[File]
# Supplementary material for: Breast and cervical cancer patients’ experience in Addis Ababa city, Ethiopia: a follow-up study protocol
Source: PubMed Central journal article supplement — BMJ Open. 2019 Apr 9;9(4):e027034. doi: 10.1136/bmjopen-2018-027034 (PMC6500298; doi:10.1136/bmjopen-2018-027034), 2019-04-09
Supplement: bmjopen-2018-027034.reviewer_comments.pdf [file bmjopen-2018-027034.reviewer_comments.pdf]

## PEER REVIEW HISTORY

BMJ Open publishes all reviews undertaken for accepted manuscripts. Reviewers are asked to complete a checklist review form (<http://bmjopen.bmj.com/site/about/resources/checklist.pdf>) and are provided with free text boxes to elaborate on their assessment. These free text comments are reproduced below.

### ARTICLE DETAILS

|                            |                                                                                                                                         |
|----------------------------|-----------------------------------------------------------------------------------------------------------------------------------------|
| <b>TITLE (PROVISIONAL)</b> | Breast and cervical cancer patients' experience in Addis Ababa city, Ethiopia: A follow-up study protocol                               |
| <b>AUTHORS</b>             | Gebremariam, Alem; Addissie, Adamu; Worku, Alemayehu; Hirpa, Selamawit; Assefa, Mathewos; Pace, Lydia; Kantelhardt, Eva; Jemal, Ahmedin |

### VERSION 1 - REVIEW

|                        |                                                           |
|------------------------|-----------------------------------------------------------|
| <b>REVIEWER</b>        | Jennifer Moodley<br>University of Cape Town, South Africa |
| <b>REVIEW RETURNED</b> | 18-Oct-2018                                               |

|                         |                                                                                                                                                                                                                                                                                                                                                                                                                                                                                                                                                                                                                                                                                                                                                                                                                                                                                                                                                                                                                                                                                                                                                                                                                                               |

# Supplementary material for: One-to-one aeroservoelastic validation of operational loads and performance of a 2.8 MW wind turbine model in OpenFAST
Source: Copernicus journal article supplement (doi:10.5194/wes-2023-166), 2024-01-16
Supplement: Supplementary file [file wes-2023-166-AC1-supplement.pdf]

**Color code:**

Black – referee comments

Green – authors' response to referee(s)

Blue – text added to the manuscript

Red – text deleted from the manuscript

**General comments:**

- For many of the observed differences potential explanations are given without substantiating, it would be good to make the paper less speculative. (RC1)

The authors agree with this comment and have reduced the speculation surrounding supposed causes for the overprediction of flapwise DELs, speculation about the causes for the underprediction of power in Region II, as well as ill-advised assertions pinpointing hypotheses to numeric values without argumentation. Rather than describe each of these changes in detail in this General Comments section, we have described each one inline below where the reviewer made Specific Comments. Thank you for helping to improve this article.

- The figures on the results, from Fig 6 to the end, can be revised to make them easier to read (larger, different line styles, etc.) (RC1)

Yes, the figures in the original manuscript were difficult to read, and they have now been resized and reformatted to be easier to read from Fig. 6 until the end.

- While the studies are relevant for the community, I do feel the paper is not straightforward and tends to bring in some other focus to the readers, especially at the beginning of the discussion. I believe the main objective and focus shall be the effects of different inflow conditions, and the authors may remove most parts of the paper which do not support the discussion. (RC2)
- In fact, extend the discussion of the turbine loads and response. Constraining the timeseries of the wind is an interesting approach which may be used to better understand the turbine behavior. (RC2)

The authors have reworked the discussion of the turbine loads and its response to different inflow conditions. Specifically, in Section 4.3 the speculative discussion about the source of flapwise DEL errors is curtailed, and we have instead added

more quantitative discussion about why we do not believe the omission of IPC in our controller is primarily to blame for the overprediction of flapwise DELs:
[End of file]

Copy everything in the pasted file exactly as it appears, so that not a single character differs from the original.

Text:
# Supplementary material for: Breast and cervical cancer patients’ experience in Addis Ababa city, Ethiopia: a follow-up study protocol
Source: PubMed Central journal article supplement — BMJ Open. 2019 Apr 9;9(4):e027034. doi: 10.1136/bmjopen-2018-027034 (PMC6500298; doi:10.1136/bmjopen-2018-027034), 2019-04-09
Supplement: bmjopen-2018-027034.reviewer_comments.pdf [file bmjopen-2018-027034.reviewer_comments.pdf]

## PEER REVIEW HISTORY

BMJ Open publishes all reviews undertaken for accepted manuscripts. Reviewers are asked to complete a checklist review form (<http://bmjopen.bmj.com/site/about/resources/checklist.pdf>) and are provided with free text boxes to elaborate on their assessment. These free text comments are reproduced below.

### ARTICLE DETAILS

|                            |                                                                                                                                         |
|----------------------------|-----------------------------------------------------------------------------------------------------------------------------------------|
| <b>TITLE (PROVISIONAL)</b> | Breast and cervical cancer patients' experience in Addis Ababa city, Ethiopia: A follow-up study protocol                               |
| <b>AUTHORS</b>             | Gebremariam, Alem; Addissie, Adamu; Worku, Alemayehu; Hirpa, Selamawit; Assefa, Mathewos; Pace, Lydia; Kantelhardt, Eva; Jemal, Ahmedin |

### VERSION 1 - REVIEW

|                        |                                                           |
|------------------------|-----------------------------------------------------------|
| <b>REVIEWER</b>        | Jennifer Moodley<br>University of Cape Town, South Africa |
| <b>REVIEW RETURNED</b> | 18-Oct-2018                                               |

|                         |                                                                                                                                                                                                                                                                                                                                                                                                                                                                                                                                                                                                                                                                                                                                                                                                                                                                                                                                                                                                                                                                                                                                                                                                                                               |

# Supplementary material for: One-to-one aeroservoelastic validation of operational loads and performance of a 2.8 MW wind turbine model in OpenFAST
Source: Copernicus journal article supplement (doi:10.5194/wes-2023-166), 2024-01-16
Supplement: Supplementary file [file wes-2023-166-AC1-supplement.pdf]

**Color code:**

Black – referee comments

Green – authors' response to referee(s)

Blue – text added to the manuscript

Red – text deleted from the manuscript

**General comments:**

- For many of the observed differences potential explanations are given without substantiating, it would be good to make the paper less speculative. (RC1)

The authors agree with this comment and have reduced the speculation surrounding supposed causes for the overprediction of flapwise DELs, speculation about the causes for the underprediction of power in Region II, as well as ill-advised assertions pinpointing hypotheses to numeric values without argumentation. Rather than describe each of these changes in detail in this General Comments section, we have described each one inline below where the reviewer made Specific Comments. Thank you for helping to improve this article.

- The figures on the results, from Fig 6 to the end, can be revised to make them easier to read (larger, different line styles, etc.) (RC1)

Yes, the figures in the original manuscript were difficult to read, and they have now been resized and reformatted to be easier to read from Fig. 6 until the end.

- While the studies are relevant for the community, I do feel the paper is not straightforward and tends to bring in some other focus to the readers, especially at the beginning of the discussion. I believe the main objective and focus shall be the effects of different inflow conditions, and the authors may remove most parts of the paper which do not support the discussion. (RC2)
- In fact, extend the discussion of the turbine loads and response. Constraining the timeseries of the wind is an interesting approach which may be used to better understand the turbine behavior. (RC2)

The authors have reworked the discussion of the turbine loads and its response to different inflow conditions. Specifically, in Section 4.3 the speculative discussion about the source of flapwise DEL errors is curtailed, and we have instead added

more quantitative discussion about why we do not believe the omission of IPC in our controller is primarily to blame for the overprediction of flapwise DELs: